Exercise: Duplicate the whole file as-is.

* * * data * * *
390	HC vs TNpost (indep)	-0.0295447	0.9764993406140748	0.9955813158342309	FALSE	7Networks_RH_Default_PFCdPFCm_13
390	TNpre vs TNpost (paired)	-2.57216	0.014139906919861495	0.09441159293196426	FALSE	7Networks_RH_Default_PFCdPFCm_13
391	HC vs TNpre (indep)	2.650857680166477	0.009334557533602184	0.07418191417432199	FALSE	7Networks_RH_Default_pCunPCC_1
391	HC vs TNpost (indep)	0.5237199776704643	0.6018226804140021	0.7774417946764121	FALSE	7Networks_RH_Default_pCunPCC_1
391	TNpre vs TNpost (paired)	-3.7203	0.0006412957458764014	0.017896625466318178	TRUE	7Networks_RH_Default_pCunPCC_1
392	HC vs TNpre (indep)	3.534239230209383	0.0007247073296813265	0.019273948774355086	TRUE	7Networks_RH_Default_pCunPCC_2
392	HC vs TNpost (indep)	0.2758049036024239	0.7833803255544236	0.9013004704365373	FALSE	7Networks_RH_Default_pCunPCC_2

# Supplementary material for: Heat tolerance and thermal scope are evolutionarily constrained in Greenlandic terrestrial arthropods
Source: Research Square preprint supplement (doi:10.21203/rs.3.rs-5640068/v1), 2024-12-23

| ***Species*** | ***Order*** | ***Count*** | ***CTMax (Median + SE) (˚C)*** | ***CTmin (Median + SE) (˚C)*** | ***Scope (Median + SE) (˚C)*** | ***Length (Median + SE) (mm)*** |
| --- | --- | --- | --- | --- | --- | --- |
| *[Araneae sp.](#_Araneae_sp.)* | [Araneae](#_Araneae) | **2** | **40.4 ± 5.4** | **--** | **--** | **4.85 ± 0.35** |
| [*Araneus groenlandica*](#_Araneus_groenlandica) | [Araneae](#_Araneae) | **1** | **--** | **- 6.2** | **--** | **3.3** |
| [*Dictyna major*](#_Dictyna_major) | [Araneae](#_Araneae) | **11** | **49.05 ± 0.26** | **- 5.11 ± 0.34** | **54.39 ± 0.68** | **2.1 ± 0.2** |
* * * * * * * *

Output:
390	HC vs TNpost (indep)	-0.0295447	0.9764993406140748	0.9955813158342309	FALSE	7Networks_RH_Default_PFCdPFCm_13
390	TNpre vs TNpost (paired)	-2.57216	0.014139906919861495	0.09441159293196426	FALSE	7Networks_RH_Default_PFCdPFCm_13
391	HC vs TNpre (indep)	2.650857680166477	0.009334557533602184	0.07418191417432199	FALSE	7Networks_RH_Default_pCunPCC_1
391	HC vs TNpost (indep)	0.5237199776704643	0.6018226804140021	0.7774417946764121	FALSE	7Networks_RH_Default_pCunPCC_1
391	TNpre vs TNpost (paired)	-3.7203	0.0006412957458764014	0.017896625466318178	TRUE	7Networks_RH_Default_pCunPCC_1
392	HC vs TNpre (indep)	3.534239230209383	0.0007247073296813265	0.019273948774355086	TRUE	7Networks_RH_Default_pCunPCC_2
392	HC vs TNpost (indep)	0.2758049036024239	0.7833803255544236	0.9013004704365373	FALSE	7Networks_RH_Default_pCunPCC_2

# Supplementary material for: Heat tolerance and thermal scope are evolutionarily constrained in Greenlandic terrestrial arthropods
Source: Research Square preprint supplement (doi:10.21203/rs.3.rs-5640068/v1), 2024-12-23

| ***Species*** | ***Order*** | ***Count*** | ***CTMax (Median + SE) (˚C)*** | ***CTmin (Median + SE) (˚C)*** | ***Scope (Median + SE) (˚C)*** | ***Length (Median + SE) (mm)*** |
| --- | --- | --- | --- | --- | --- | --- |
| *[Araneae sp.](#_Araneae_sp.)* | [Araneae](#_Araneae) | **2** | **40.4 ± 5.4** | **--** | **--** | **4.85 ± 0.35** |
| [*Araneus groenlandica*](#_Araneus_groenlandica) | [Araneae](#_Araneae) | **1** | **--** | **- 6.2** | **--** | **3.3** |
| [*Dictyna major*](#_Dictyna_major) | [Araneae](#_Araneae) | **11** | **49.05 ± 0.26** | **- 5.11 ± 0.34** | **54.39 ± 0.68** | **2.1 ± 0.2** |